Hey Creatives, have you been frustrated by a lack of progress? What was your response? Let us know in the comments below.

 

set and forget

Here is some advice I’ve been giving myself lately (side-note, do you ever do that, give yourself advice because you know it’s good but you’re not great at implementing it?): set it and forget it.

Following the launch of this site, I’ve been more active on social media. Nothing necessarily wrong with that, but I sense a few dangers from such platforms. It’s very easy to fall into a trap of constantly checking posts and the like in search of validation, looking for approval from every like and comment to follow. This can get unhealthy fast, regardless of how well-received your offering is.

I’m often reminded of the very end of the movie, “The Social Network” where we leave a movie version of Mark Zuckerberg as he is constantly hitting refresh on his Facebook page in hopes of a reply from an old flame. The sad irony is, he’s become a slave of his own invention, he’s just like the rest of us.

My other unfortunate habit is to obsess over something before putting it out there for the world to see. Yes, I'm a recovering perfectionist. The thing about perfection and wanting to appear perfect is it gets in the way of completion. As copywriter Ray Edwards puts it:

"Done is better than perfect because perfect never gets done."

Besides that, a perfection obsession can lead us to a place where we aren't being real anymore but instead just trying to make ourselves look good. We convey to the world a false image of who we really are. But people can't get to know and care about a fake you (well, they can, but they won't know the real you this way).

So, my solution is simple: set it and forget it. When you post anything, just let it be for a while. Turn off the notifications and just let it sit out there, riding the high waves of the interwebs (or however it works). Give the world a chance to take it in instead of smothering it with even more time and attention.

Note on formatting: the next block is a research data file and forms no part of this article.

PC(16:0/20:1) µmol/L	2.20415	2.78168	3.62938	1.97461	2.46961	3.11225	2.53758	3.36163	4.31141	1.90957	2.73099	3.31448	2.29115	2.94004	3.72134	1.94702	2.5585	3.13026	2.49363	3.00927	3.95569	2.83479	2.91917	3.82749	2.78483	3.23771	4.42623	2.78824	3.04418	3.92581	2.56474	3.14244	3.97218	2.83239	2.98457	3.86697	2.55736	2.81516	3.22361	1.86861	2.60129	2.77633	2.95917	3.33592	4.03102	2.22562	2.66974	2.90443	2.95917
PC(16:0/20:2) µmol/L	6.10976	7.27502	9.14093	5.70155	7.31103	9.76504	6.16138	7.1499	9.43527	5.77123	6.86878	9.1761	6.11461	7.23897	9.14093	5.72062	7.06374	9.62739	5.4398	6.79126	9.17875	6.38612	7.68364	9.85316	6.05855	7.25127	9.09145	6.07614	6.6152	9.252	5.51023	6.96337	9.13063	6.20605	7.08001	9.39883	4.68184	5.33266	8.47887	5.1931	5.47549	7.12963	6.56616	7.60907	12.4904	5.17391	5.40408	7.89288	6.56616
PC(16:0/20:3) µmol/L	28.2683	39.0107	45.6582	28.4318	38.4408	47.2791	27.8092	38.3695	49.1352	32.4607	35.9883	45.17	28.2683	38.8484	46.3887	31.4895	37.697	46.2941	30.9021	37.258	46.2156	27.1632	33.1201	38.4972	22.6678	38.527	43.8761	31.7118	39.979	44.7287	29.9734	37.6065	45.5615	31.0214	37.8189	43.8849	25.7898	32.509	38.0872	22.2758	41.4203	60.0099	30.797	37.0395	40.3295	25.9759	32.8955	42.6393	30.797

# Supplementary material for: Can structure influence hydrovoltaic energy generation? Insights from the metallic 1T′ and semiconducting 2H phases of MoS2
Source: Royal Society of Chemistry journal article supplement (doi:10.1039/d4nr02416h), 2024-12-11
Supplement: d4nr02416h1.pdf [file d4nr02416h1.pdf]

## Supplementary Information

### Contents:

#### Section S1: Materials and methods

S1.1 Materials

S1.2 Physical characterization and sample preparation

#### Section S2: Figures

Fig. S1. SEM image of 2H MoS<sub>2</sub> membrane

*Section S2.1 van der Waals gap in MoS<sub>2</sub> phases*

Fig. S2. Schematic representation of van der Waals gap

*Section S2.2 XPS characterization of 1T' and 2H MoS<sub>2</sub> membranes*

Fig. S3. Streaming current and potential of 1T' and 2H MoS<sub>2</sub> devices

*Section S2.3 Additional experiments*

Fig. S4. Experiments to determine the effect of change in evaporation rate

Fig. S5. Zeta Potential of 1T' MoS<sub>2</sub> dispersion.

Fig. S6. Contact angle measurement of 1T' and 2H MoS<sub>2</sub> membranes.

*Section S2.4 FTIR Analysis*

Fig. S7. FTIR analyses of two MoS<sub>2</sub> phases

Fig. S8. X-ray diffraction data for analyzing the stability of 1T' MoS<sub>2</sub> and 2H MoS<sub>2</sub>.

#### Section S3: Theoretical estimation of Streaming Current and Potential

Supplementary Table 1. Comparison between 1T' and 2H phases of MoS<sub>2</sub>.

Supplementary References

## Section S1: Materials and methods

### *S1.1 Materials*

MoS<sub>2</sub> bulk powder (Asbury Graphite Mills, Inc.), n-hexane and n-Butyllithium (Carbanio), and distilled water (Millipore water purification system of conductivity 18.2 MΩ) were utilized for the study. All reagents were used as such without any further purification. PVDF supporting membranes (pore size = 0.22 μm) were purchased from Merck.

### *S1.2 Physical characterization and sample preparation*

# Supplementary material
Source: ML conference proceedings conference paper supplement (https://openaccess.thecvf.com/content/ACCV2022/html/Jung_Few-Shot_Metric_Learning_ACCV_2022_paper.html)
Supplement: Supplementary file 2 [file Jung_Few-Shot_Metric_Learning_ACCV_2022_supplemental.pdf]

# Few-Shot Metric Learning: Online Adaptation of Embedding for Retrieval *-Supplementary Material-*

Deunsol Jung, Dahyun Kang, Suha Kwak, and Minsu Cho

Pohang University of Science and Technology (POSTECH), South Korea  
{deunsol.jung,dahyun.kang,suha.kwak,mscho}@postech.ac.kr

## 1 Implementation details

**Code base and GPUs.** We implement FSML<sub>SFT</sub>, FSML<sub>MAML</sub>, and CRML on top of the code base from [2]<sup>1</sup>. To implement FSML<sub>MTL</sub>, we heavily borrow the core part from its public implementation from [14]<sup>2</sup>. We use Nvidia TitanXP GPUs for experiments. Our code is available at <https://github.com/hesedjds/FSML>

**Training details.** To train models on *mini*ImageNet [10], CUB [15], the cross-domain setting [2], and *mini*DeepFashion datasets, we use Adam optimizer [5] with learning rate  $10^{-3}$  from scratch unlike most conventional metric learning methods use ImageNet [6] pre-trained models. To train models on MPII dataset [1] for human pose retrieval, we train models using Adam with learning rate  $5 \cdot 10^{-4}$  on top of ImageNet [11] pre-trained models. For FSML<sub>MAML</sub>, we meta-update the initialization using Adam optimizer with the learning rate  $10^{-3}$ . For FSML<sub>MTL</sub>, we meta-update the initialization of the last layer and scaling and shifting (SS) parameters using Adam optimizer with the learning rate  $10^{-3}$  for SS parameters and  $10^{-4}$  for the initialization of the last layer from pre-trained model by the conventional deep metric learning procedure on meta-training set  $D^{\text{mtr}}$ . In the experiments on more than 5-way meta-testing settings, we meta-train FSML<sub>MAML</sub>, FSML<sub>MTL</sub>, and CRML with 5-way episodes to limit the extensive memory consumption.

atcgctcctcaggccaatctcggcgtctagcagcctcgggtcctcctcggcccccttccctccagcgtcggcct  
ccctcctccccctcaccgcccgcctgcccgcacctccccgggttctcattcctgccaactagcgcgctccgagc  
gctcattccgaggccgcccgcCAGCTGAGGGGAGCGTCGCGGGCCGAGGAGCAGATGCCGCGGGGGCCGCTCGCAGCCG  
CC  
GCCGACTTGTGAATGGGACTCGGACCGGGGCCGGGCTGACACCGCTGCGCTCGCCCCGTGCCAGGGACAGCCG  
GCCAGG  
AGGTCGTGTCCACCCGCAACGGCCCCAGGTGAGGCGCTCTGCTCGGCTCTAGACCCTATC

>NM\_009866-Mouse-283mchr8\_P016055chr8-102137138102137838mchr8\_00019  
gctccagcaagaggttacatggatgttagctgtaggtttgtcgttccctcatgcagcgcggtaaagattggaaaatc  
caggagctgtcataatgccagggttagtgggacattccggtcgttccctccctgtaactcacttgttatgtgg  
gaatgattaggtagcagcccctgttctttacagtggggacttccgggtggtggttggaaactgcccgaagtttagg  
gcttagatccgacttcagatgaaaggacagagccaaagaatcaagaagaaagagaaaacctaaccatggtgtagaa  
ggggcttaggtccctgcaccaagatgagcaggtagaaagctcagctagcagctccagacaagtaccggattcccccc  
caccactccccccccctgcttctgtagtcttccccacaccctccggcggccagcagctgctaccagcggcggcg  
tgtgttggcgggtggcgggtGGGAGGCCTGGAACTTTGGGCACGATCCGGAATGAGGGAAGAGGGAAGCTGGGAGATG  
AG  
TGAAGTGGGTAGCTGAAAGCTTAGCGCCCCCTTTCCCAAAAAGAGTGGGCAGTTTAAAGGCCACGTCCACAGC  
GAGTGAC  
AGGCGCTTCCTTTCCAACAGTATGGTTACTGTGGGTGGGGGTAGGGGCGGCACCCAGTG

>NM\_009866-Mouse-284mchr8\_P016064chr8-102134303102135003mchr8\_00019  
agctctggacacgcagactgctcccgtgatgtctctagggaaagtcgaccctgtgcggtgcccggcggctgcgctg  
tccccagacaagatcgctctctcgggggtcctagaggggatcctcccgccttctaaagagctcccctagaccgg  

I’ve found this practice helpful beyond social media. In a broader respect:

Let your creative work go.

Don’t cling so tightly to your inventions that you are unwilling to release them to the world. And when you do release your creative doves from their creative coops, don’t let your concern for other’s reactions cloud your experience. Like the witch from Oz, you must cry, “fly my pretties, fly!” and then, without another blink, turn your back on them.

This is not always easy. After all, those babies were ours. We raised them, nurtured them, cared for them from the nest, and now must we release them into the cold, cruel world? But yes, it must needs be so (or is it needs must, help me out here Shakespeare).

When it comes down to it, there are two things I’m most scared of when I put something on the internet:

  1. No one will see it
  2. Everyone will see it

The first terrifies me because I fear what I’m doing doesn’t matter, that it will go ignored and unnoticed. No one really cares what I have to say. The second, because I worry people will finally see the real me and not accept me for who I am. The struggle is real, people. And I know I’m not alone in this.

So I encourage you, keep making, keep doing new things and when it’s time to release them to the public, let them stand or fall on their own feet (or fly on their own wings). Let your validation come from the quality you put into the work itself. Get your advice from the people closest to you, the ones you don’t have to prove yourself to, not from any random Joe or Sally who knows how to type words on the internet.

If you don’t have people like those in your life (mentors and friends), it’s time to start creatively building a few deep and real relationships with people who are willing to spend the time it takes to know you. It’s time to find a tight group of like-minded folks who have your back. And if you just need a little encouragement, I’d be glad to give it. I’m proud of you people and I want to know about every little creative project you’ve got in store, because if it’s creative, it matters. If it’s important to you, it’s important to me.

 

Creatively yours,
A.P. Lambert

 

Hey Creatives, do you ever have a hard time letting your creativity go? What have you done to overcome the struggle? Let us know in the comments below.